The Georgia Department of Education (GaDOE): Division for Special Education Services and Supports is collaborating with local school districts and state, regional, and local partners to implement initiatives designed to improve results for children and youth with disabilities. These initiatives, which are funded by a five-year State Personnel Development Grant (SPDG) awarded to the state from the United States Department of Education, include professional development and technical assistance activities designed to provide school personnel and families with the knowledge and skills needed to implement educational programs and interventions that have proven to be effective in improving outcomes for children and youth with disabilities.
The Georgia SPDG, which is funded through 2017, includes GraduateFIRST, a nationally recognized project that utilizes a data-driven intervention framework developed by the National Dropout Center for Students with Disabilities to successfully address barriers to graduation for students with disabilities. Developed and implemented during the previous SPDG (2007 – 2012), the project expanded in 2013 when SPDG personnel partnered with colleagues from the Office of School Improvement to implement GraduateFIRST in Focus Schools identified as needing improvement based on performance of students with disabilities.
In addition, the SPDG will expand its graduation focus with the development of a College and Career Readiness Project that focuses on successful transition planning and improved postsecondary outcomes for students with disabilities. During Phase I of this project, technical assistance will be provided to selected school districts based on data indicating noncompliance related to the secondary transition requirements (e.g. measurable transition goals, assessments, and services) for students aged sixteen and above. In Phases 2 and 3 of the College and Career Readiness project, the districts will implement Project ASPIRE (Active Student Participation Inspires Real Engagement), a student-led IEP initiative that builds self-confidence, self-determination, and self-advocacy skills which are essential in preparing students for the educational, career, and independent living decisions that they will need to make in adulthood.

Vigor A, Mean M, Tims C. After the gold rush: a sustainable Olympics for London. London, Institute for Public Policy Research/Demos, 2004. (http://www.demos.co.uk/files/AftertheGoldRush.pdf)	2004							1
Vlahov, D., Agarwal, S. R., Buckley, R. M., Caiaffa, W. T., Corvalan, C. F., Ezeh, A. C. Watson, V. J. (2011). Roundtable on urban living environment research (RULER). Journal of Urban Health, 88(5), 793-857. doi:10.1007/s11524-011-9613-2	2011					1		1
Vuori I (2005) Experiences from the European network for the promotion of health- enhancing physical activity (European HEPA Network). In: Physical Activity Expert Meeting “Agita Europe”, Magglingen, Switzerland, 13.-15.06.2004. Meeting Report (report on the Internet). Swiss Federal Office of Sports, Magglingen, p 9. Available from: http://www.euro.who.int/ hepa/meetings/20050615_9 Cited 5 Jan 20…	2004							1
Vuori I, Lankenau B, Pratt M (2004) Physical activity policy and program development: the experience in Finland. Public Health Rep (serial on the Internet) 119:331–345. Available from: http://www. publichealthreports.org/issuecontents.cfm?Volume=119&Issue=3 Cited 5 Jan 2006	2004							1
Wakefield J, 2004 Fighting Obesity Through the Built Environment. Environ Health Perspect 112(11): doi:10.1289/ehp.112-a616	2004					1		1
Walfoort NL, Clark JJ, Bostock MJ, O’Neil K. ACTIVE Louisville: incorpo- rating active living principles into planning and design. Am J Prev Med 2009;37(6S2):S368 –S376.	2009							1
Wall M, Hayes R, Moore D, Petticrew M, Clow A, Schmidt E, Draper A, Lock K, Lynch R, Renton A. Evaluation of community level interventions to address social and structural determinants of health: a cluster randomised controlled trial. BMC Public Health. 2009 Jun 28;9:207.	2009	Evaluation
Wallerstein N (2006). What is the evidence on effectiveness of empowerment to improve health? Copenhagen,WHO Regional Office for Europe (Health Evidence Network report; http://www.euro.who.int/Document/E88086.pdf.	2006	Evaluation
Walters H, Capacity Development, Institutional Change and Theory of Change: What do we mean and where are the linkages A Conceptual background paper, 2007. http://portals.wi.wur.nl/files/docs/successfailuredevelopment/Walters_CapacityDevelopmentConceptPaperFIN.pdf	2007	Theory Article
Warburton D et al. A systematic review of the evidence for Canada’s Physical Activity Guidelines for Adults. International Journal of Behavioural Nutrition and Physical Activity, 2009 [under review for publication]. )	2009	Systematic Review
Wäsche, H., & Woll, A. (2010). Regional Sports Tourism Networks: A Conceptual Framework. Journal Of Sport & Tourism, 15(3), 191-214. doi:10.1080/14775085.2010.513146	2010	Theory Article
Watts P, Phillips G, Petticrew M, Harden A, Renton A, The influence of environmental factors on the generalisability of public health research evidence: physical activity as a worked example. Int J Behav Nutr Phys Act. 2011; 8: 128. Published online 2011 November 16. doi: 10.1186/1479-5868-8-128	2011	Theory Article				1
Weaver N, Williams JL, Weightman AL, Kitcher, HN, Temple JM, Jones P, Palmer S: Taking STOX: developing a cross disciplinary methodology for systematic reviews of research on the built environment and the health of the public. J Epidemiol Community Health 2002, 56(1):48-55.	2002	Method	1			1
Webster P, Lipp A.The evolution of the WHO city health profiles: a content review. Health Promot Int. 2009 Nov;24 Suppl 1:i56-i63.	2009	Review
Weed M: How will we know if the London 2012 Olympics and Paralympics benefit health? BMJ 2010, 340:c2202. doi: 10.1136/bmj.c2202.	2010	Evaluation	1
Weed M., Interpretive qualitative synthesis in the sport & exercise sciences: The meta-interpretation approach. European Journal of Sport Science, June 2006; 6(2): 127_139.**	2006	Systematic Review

SEE-KS Video Modules - Early Childhood - SEE-KS Modules 1–6 provide an overview of the Social Emotional Engagement – Knowledge and Skills (SEE-KS) professional learning approach. This approach is designed to bring a positive school climate into the classroom and lesson planning. The focus is on increasing student engagement by fostering initiation, independence, and investment within instruction. Social emotional learning competencies are embedded within educational programming using current neuroscience to guide how to address these competencies in a development framework and within a Universal Design for Learning framework (UDL). These 6 modules focus on the implementation of this approach within an early childhood setting. These framework and tools, however, are applicable from early childhood through 12th grade. SEE-KS Video Modules - Early Childhood.
Go to the SPDG Website to learn more about the specific activities, participating schools, and resources.